TL;DR: If the impacts of two causes add together, it might make sense to heavily prioritize the one with the higher expected value per dollar. If they multiply, on the other hand, it makes sense to more evenly distribute effort across the causes. I think that many causes in the effective altruism sphere interact more multip
Please see my above response to jackmalde's comment. While I understand and respect your argument, I don't think we are justified in placing high confidence in this model of the long-term flowthrough effects of near-term targeted interventions. There are many similar more-or-less plausible models of such long-term flowthrough effects, some of which would suggest a positive net effect of near-term targeted interventions on the long-term future, while others would suggest a negative net effect. Lacking strong evidence that would allow us to accurately ... (read more)
Yep, not placing extreme weight. Just medium levels of confidence that when summed over, add up to something pretty low or maybe mildly negative. I definitely am not like 90%+ confidence on the flowthrough effects being negative.
No, we probably don’t. All of our actions plausibly affect the long-term future in some way, and it is difficult to (be justified to) achieve very high levels of confidence about the expected long-term impacts of specific actions. We would require an exceptional degree of confidence to claim that the long-term effects of our specific longtermist intervention are astronomically (i.e. by many orders of magnitude) larger than the long-term effects of some random neartermist interventions (or even doing nothing at all). Of course, this claim is perfectly... (read more)
Agreed, I'd love this feature! I also frequently rely on pageview statistics to prioritize which Wikipedia articles to improve.
There is a big difference between (i) the very plausible claim that the value of the long-term (in terms of lives, experiences, etc.) is astronomically larger than the value of the near-term, and (ii) the rather implausible claim that interventions targeted at improving the long-term are astronomically more important/cost-effective than those targeted at improving the near-term. It seems to me that many longtermists believe (i) but that almost no-one believes (ii).
Basically, in this context the same points apply that Brian Tomasik made in his essay "Why Ch... (read more)
I tentatively believe (ii), depending on some definitions. I'm somewhat surprised to see Ben and Darius implying it's a really weird view, and makes me wonder what I'm missing.
I don't want the EA community to stop working on all non-longtermist things. But the reason is because I think many of those things have positive indirect effects on the EA community. (I just mean indirect effects on the EA community, and maybe on the broader philanthropic community, I don't mean indirect effects more broadly in the sense of 'better health in poor countries' --> '... (read more)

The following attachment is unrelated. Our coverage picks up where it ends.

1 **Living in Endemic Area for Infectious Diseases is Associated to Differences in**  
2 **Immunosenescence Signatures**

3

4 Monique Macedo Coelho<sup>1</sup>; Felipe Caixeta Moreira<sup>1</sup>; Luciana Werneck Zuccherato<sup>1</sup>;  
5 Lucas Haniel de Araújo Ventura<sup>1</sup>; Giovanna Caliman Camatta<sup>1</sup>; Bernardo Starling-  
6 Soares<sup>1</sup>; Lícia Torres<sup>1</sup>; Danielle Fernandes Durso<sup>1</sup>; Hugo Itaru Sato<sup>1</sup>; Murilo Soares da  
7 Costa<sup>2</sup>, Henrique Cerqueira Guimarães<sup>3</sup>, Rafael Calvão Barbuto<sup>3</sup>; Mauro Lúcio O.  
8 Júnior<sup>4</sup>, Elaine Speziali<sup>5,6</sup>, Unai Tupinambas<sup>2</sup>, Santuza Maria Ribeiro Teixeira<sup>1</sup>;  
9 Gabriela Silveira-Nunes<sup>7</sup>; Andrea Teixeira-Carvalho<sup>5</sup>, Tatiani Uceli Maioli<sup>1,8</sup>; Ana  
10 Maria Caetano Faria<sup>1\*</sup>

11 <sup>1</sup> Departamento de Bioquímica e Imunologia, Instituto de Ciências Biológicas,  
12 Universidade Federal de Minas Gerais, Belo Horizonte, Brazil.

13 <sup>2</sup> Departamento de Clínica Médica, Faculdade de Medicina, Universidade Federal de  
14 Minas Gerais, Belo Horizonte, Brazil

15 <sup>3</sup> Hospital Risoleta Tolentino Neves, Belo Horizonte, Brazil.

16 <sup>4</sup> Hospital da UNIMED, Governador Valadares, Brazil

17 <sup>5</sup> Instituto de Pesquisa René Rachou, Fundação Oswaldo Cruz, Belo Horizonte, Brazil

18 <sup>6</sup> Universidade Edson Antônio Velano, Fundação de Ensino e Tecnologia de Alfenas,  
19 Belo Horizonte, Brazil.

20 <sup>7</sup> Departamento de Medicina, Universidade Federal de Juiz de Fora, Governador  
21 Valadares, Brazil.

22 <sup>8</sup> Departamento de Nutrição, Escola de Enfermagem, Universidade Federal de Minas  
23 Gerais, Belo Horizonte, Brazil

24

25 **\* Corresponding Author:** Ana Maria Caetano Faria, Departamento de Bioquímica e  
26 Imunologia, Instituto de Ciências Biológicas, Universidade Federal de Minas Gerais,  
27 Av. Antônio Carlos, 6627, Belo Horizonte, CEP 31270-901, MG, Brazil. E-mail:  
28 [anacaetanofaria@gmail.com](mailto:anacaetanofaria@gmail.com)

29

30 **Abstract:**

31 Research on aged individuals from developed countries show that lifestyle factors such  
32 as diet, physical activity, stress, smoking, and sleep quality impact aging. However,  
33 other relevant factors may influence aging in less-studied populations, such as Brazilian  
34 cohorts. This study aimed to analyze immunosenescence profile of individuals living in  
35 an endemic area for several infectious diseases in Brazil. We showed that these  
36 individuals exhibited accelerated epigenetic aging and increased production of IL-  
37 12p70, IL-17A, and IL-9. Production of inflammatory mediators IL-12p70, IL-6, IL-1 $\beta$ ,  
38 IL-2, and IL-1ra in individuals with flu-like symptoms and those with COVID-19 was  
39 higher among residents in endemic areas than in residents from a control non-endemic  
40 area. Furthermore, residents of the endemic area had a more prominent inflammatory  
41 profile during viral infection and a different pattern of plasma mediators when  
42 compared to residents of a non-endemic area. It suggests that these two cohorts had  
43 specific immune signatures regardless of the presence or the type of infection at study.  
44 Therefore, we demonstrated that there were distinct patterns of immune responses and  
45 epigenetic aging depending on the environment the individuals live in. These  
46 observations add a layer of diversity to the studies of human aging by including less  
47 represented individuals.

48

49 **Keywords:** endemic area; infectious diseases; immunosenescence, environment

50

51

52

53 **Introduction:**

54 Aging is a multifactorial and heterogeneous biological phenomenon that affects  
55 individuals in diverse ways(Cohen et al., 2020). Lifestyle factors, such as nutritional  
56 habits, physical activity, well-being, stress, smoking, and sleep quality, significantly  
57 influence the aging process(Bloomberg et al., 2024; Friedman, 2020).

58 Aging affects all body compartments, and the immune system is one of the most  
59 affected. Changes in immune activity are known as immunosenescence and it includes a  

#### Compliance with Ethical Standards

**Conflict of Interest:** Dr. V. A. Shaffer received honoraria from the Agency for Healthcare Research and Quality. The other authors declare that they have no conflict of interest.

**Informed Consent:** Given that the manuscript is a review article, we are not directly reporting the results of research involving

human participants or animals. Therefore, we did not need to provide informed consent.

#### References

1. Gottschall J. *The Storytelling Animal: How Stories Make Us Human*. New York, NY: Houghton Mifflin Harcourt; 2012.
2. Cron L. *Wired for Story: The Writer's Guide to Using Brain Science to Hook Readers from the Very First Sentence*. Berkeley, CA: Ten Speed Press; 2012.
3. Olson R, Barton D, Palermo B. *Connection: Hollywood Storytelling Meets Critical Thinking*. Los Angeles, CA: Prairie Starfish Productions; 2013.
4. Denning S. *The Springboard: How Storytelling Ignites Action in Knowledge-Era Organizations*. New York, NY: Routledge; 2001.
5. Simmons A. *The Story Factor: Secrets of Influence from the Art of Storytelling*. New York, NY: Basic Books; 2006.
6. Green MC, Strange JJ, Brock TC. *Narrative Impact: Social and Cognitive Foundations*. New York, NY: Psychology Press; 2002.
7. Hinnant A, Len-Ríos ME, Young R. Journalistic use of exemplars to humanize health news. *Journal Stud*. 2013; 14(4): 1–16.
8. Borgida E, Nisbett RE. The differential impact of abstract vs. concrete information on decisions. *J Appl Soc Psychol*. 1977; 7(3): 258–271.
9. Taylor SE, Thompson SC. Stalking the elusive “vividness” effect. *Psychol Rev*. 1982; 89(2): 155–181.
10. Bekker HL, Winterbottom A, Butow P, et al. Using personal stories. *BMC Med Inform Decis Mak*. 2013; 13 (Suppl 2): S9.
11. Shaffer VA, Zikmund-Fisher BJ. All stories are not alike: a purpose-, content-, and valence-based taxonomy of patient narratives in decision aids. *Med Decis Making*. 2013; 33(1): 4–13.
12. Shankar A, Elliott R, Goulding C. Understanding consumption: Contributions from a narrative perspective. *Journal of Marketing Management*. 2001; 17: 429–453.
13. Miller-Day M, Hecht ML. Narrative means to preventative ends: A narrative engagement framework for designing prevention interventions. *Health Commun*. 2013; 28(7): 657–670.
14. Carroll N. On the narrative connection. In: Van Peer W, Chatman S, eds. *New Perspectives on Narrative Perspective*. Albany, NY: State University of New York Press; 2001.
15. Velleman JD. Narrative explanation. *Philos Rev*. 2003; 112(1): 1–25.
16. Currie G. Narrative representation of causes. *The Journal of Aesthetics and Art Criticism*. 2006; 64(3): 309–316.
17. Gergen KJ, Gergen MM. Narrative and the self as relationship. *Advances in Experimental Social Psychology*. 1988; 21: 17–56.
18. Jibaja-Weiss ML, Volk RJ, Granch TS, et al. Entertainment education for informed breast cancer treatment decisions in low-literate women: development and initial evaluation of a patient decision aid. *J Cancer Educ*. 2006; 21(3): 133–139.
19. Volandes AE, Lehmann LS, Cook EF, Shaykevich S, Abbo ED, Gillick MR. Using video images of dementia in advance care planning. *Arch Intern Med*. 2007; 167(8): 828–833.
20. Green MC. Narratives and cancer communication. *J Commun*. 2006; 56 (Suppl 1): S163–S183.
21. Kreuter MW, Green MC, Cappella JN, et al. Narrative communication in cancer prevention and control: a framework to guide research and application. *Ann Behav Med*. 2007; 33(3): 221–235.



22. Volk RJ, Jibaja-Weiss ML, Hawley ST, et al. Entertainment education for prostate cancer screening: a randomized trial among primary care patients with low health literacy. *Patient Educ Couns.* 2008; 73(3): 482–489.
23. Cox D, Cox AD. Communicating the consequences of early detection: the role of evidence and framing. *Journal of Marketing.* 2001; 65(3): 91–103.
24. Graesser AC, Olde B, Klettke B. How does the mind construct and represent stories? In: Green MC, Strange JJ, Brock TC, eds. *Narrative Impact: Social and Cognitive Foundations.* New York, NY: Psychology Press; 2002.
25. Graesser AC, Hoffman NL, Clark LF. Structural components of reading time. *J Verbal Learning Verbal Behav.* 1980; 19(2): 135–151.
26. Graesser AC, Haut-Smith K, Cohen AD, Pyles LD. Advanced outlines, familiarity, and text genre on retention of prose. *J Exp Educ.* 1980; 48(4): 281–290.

It seems to me that many longtermists believe (i) but that almost no-one believes (ii).
Really? This surprises me. Combine (i) with the belief that we can tractably influence the far future and don't we pretty much get to (ii)?
I really appreciated the many useful links you included in this post and would like to encourage others to strive to do the same when writing EA Forum articles.
Thanks Darius! It was my pleasure.
Happy to have you here, Linda! It sounds like you have some really important skills to offer and I wish you will find great opportunities to apply them.
The listed application documents include a "Short essay (≤500 words)" without further details. Can you say more about what this entails and what you are looking for?
Are non-US citizens who hold a US work authorization disadvantaged in the application process even if they seek to enter a US policy career (and perhaps aim to become naturalized eventually)?
There is Eliezer Yudkowsky's Harry Potter fan fiction "Harry Potter and the Methods of Rationality" (HPMOR), which conveys many ideas and concepts that are relevant to EA: http://www.hpmor.com/
Please note that there is also a fan-produced audio version of HPMOR: https://hpmorpodcast.com/
Great initiative! Unfortunately, I cannot seem to find the podcast on either of my two podcast apps (BeyondPod and Podcast Addict). Do you plan to make the podcast available across all major platforms?
Strongly agree! I'm currently writing an EA Forum post making the case for Wikipedia editing.
Awesome episode! I really enjoyed listening to it when it came out and was excited for Sam's large audiences across Waking Up and Making Sense to learn about EA in this way.
Welcome Naghma! It is great to have you here and learn about your background and interests.
Hi Alene! I suspect you already know Jay Shooster (https://www.richmanlawpolicy.com/team/jay-shooster)? In case you don't, he might be a great contact for you.
YESSSSS he's amazing and has volunteered to help me think through some things! Jay Shooster, if you're reading this: You rock.
Here is an old, informal 80,000 Hours document on this topic: https://wiki.80000hours.org/index.php/Potentially_promising_career_paths_in_poorer_countries
Regarding your question:
What would moral/social progress actually look like?
This is a big and difficult question, but here are some pointers to relevant concepts and resources:
Does XR consider tech progress default-good or default-bad?
Leopold Aschenbrenner's paper Existential risk and growth provides one interesting perspective on this question (note that while I find the paper informative, I don't think it settles the question).
A key question the paper seeks to address is this:
Does faster economic growth accelerate the development of dangerous newtechnologies, thereby increasing the probability of an existential catastrophe?
The paper's (preliminary) conclusion is
we could be living in a unique “time
My impression is that as an organisation CEA has undergone substantial change over time. How might working at CEA today be different compared to working there, say, 3/5/7 years ago?